The pattern of contributions from employees — almost all of whom had never donated to a federal candidate before — suggested the possibility of improper bundling of donations. A whistleblower told the AJC at the time that employees were reimbursed for their donations, which if true would have violated federal law.
Kingston lost the Republican primary runoff to businessman David Perdue, who won the general election that November, and the federal investigation into the fundraiser was dropped.
‘Information was missing’
While Confirmatrix no longer exists, its accounts live on in the hands of debt collectors.
Prior to ceasing operations last August, the lab hired NYX Health, an Alpharetta-based medical billing company that specializes in collecting past-due accounts, to try to collect nearly $39 million the company said it was owed. Initially, NYX projected it would collect about $4 million, but instead netted just $300,000.
In describing the state of Confirmatrix’s accounts, Boone said “some of the information was missing” and there was evidence of “overbilling, any number of things.”
NYX President Gregory Wachowiak declined to comment. But in a statement filed with the court last month, he said his company “encountered numerous unanticipated difficulties” in trying to collect on the accounts, including denials of payment from government and private insurers.
“The remaining amounts of accounts receivable are primarily patient accounts receivable which are missing key information such as Social Security numbers, dates of birth, addresses, etc.” Wachowiak said.
Based on Confirmatrix’s poor record keeping, NYX determined it would cost their company more to investigate the accounts than they would be able to collect.
‘This account is closed’
Despite these problems, the court allowed Confirmatrix to auction off what Boone described as a “subset of receivables” to First Portfolio Ventures, a Peachtree Corners debt collection company that paid pennies on the dollar for them.
Several people contacted by collectors working for First Portfolio have contacted Suwanee attorney Tom Kenney to look into the alleged debts. Kenney said he is still investigating, but he said the amounts sought don’t make sense for a typical urine screening.
“The cheapest one I’ve seen so far is $1,500,” he said. “They are just routine lab work.”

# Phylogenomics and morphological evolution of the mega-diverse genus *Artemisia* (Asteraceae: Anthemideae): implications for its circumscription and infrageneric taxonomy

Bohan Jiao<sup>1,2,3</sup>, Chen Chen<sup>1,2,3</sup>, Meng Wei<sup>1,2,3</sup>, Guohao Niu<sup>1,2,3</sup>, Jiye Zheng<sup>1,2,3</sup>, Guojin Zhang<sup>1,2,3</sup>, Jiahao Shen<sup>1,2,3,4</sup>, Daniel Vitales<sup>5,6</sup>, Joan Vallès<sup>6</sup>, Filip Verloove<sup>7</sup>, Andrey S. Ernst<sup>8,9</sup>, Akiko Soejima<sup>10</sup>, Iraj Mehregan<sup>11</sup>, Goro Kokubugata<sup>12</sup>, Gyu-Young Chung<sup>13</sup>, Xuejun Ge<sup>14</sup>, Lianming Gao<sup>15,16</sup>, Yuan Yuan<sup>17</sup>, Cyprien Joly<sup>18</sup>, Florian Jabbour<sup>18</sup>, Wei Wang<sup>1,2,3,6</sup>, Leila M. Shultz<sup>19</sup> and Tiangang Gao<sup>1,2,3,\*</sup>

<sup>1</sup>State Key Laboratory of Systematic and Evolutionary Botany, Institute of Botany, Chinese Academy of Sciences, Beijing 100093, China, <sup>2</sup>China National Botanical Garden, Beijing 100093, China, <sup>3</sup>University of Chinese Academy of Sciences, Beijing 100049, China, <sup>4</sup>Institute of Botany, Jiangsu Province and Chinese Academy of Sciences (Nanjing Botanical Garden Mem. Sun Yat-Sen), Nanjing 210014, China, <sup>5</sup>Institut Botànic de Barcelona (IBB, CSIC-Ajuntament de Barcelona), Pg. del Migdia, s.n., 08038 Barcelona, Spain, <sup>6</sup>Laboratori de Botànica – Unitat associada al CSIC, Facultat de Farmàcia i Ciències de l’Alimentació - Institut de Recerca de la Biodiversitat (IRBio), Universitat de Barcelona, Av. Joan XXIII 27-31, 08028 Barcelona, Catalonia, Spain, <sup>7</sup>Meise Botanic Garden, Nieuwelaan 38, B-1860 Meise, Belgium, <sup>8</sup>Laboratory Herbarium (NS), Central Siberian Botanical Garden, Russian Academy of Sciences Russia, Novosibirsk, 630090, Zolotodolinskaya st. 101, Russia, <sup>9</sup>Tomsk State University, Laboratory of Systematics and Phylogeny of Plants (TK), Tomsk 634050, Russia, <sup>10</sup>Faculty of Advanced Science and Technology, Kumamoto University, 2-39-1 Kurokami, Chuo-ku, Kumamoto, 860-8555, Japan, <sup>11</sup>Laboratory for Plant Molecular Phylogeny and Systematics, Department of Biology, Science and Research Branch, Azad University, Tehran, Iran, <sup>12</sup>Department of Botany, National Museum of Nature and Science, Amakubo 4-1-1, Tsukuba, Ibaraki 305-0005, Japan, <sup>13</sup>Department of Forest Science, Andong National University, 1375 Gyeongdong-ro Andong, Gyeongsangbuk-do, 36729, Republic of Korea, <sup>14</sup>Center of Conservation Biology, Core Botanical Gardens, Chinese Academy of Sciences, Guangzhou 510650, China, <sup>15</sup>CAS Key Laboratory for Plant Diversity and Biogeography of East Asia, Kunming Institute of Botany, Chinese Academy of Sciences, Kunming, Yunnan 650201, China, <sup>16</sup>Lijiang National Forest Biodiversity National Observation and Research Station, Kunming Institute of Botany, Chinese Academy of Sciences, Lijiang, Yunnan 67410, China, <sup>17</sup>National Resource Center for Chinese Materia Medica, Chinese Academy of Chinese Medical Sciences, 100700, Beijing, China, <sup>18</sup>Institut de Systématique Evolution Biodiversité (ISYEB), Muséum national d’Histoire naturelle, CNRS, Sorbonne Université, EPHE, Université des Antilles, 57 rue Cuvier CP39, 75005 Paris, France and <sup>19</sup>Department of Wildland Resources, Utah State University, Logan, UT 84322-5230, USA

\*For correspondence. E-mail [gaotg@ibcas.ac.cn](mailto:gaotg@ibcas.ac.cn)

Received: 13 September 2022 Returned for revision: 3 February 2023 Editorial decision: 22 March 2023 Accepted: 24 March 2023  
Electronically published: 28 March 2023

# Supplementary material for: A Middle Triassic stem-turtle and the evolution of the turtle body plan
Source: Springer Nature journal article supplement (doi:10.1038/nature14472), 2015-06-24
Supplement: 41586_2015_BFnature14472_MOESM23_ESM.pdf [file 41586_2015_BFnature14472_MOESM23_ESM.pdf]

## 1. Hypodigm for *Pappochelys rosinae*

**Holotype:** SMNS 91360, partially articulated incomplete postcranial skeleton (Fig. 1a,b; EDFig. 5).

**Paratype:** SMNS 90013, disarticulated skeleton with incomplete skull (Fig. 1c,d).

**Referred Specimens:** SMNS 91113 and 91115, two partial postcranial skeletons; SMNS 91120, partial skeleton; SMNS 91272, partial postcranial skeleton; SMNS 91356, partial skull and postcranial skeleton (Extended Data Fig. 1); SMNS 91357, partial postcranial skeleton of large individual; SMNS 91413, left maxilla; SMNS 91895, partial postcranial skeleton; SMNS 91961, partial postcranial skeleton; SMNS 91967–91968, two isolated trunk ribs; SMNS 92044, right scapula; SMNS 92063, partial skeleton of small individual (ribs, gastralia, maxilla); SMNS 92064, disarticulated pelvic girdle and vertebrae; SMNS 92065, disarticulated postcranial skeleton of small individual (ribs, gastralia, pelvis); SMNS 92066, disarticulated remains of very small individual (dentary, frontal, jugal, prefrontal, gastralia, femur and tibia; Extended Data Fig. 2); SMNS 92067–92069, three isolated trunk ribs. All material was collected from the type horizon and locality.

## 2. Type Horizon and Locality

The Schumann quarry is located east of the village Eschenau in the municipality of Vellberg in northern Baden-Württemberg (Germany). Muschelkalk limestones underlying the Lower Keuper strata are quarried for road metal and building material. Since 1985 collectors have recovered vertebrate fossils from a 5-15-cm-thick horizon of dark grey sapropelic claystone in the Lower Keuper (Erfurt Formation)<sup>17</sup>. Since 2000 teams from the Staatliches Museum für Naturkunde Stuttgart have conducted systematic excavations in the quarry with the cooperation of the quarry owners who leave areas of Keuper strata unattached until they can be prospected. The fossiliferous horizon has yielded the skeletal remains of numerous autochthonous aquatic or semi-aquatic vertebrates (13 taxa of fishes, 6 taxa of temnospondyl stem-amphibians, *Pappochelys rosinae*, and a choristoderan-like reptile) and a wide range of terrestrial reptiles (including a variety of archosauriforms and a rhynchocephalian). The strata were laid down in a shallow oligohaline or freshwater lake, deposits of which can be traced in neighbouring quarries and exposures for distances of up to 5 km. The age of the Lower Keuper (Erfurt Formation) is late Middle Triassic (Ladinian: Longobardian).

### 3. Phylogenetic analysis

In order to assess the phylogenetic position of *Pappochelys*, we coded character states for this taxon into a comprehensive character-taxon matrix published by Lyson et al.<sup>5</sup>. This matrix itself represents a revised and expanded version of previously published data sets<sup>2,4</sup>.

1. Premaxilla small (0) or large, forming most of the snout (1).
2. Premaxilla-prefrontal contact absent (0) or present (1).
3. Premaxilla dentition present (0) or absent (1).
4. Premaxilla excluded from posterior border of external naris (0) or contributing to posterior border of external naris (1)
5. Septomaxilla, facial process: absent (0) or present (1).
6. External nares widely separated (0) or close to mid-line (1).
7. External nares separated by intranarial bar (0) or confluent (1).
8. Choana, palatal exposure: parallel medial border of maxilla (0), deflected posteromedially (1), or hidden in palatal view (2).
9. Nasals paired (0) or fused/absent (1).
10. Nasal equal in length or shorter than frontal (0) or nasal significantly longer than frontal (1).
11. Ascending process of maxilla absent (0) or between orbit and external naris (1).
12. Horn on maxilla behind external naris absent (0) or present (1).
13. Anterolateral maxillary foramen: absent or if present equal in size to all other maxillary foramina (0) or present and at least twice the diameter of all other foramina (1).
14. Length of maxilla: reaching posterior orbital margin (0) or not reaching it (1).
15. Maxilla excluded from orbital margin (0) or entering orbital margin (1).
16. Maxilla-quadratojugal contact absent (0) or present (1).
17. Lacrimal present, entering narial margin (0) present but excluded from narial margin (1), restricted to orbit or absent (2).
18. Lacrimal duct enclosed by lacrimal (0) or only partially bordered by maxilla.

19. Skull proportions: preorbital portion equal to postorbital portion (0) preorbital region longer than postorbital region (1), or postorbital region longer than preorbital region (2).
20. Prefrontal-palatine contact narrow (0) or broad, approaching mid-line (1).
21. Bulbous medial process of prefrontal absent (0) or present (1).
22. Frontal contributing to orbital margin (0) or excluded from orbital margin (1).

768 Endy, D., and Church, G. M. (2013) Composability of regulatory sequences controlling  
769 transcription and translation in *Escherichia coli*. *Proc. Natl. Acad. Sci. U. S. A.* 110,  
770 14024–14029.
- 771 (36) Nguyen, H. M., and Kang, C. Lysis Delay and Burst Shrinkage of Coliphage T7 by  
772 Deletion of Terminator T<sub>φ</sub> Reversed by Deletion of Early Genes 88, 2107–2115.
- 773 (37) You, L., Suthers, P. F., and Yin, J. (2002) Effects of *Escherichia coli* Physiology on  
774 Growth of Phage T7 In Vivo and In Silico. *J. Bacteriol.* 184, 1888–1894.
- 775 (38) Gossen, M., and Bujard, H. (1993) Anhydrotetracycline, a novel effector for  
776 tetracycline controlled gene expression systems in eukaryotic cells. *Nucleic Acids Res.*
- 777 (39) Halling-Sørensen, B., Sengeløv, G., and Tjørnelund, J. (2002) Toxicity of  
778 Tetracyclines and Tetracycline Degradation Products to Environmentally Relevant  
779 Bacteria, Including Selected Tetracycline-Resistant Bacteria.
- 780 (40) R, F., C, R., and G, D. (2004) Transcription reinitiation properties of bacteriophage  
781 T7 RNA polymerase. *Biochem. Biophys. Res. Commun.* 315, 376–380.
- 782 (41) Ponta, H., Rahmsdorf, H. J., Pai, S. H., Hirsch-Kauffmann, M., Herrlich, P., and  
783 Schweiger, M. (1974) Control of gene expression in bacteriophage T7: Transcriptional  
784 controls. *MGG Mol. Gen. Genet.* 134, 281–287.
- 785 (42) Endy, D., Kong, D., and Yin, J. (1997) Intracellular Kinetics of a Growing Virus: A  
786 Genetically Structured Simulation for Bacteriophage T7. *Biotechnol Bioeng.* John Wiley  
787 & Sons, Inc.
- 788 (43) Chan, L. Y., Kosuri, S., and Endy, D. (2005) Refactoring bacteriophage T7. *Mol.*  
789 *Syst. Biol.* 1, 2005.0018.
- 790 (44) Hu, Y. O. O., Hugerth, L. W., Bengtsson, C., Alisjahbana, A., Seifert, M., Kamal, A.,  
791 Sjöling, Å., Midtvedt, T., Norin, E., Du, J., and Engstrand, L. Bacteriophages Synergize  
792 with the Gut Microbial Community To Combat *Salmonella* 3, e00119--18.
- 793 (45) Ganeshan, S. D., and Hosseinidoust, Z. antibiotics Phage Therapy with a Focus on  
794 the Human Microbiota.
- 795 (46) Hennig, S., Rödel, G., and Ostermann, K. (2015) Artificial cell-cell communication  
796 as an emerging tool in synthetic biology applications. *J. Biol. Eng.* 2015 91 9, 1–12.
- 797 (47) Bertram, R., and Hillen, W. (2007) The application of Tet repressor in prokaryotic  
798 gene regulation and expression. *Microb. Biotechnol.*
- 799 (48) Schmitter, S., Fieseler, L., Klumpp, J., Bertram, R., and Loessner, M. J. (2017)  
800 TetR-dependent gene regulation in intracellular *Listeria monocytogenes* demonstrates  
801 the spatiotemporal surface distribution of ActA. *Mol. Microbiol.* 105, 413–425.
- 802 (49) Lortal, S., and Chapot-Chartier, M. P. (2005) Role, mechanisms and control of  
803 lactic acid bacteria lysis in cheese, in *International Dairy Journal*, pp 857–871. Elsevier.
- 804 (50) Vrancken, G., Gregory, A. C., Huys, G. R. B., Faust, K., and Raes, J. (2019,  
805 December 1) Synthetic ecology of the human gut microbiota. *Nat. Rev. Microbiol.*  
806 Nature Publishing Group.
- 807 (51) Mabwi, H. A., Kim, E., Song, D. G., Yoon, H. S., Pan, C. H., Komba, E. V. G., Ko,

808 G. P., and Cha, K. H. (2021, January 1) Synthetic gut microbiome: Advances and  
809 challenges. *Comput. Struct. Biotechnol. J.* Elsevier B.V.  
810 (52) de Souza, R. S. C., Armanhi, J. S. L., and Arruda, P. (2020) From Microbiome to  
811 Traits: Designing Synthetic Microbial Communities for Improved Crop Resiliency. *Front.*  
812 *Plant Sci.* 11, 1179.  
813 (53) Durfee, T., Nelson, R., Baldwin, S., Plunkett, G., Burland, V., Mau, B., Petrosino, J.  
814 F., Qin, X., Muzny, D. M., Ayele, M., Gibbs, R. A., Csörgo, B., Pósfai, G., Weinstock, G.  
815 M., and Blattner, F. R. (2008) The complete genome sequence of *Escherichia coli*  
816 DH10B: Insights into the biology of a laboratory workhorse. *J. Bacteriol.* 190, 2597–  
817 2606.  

Even with federal investigators nosing around Confirmatrix’s business dealings, Kenney said he is not surprised a judge allowed the debts to be auctioned off. Federal bankruptcy court exists to provide protections for struggling businesses while looking after debts owed to creditors. There’s no one looking out for individual consumers, he said.
That leaves people like Michael Rowe to fend for themselves. Rowe, a Greensboro, Ga., resident, said calls from debt collectors got him worried about this credit rating so he paid up.
“I’ve got good credit and I didn’t want to get that messed up. I was able to negotiate it to less than half of what they wanted,” he said. “My doctor was beside herself.”
Officials with First Portfolio referred comment to their lawyer, William Rountree, who reiterated that the sale of the accounts was approved by the court. The accounts were “pre-selected, reviewed and confirmed to be a valid unpaid payment obligation,” Rountree wrote in an email to the AJC.
Boone, Confirmatrix’ attorney, had not been referring to the First Portfolio accounts when he told the court about Confirmatrix’s poor record-keeping and excessive billing, Rountree said.
Boone declined to answer the AJC’s follow-up questions, citing his client’s preference not to make public comments, but confirmed Rountree’s statement.
Carter, the Thomasville resident who had been contacted by First Portfolio’s collection agents, got a different answer when he called to inquire about his account. Carter said the conversation shifted when he told the representative he had been speaking with the AJC about the alleged debt and Confirmatrix’s legal troubles.
“They said, ‘We can’t talk to you anymore. This account is closed,’” he said. “I wanted to get something in writing, but they wouldn’t even stay on the phone.”
‘I don’t know what to tell our patients’
The debt collection efforts have jarred medical and psychiatric practices contacted by the AJC who used Confirmatrix to process urine specimens. Houston, Texas,-based Cornerstone Psychiatry Associates sent a letter in March to current and former patients explaining that in 2016 the practice hired Confirmatrix to perform in-house urine screening under an agreement that Confirmatrix “would file insurance for each test and that the patients would not be charged above what their insurance paid.”
“They assured our office that they would never send out patients to collections for outstanding balances and that they would write those balances off,” the letter states and urges patients to ask First Portfolio to cancel the debts.
Deborah Alvey, Cornerstone’s office manager, said the practice only used Confirmatrix for a short time and dropped them when they reneged on their promise to put their billing practices in writing.
“I don’t know what to tell our patients,” she said.
Khalid Satary, meanwhile, keeps a low profile. His name rarely appears on any official document.
Jordan Satary is easy to find. A recent graduate of Georgia State University’s Robinson College of Business, Jordan maintains an active social media presence across multiple platforms, including a long series of YouTube videos painting himself as an international entrepreneur. The videos detail his business philosophy and his travels, including a trip to the Great Wall of China while his companies went into bankruptcy.
Jordan Satary did not respond to messages seeking comment for this story.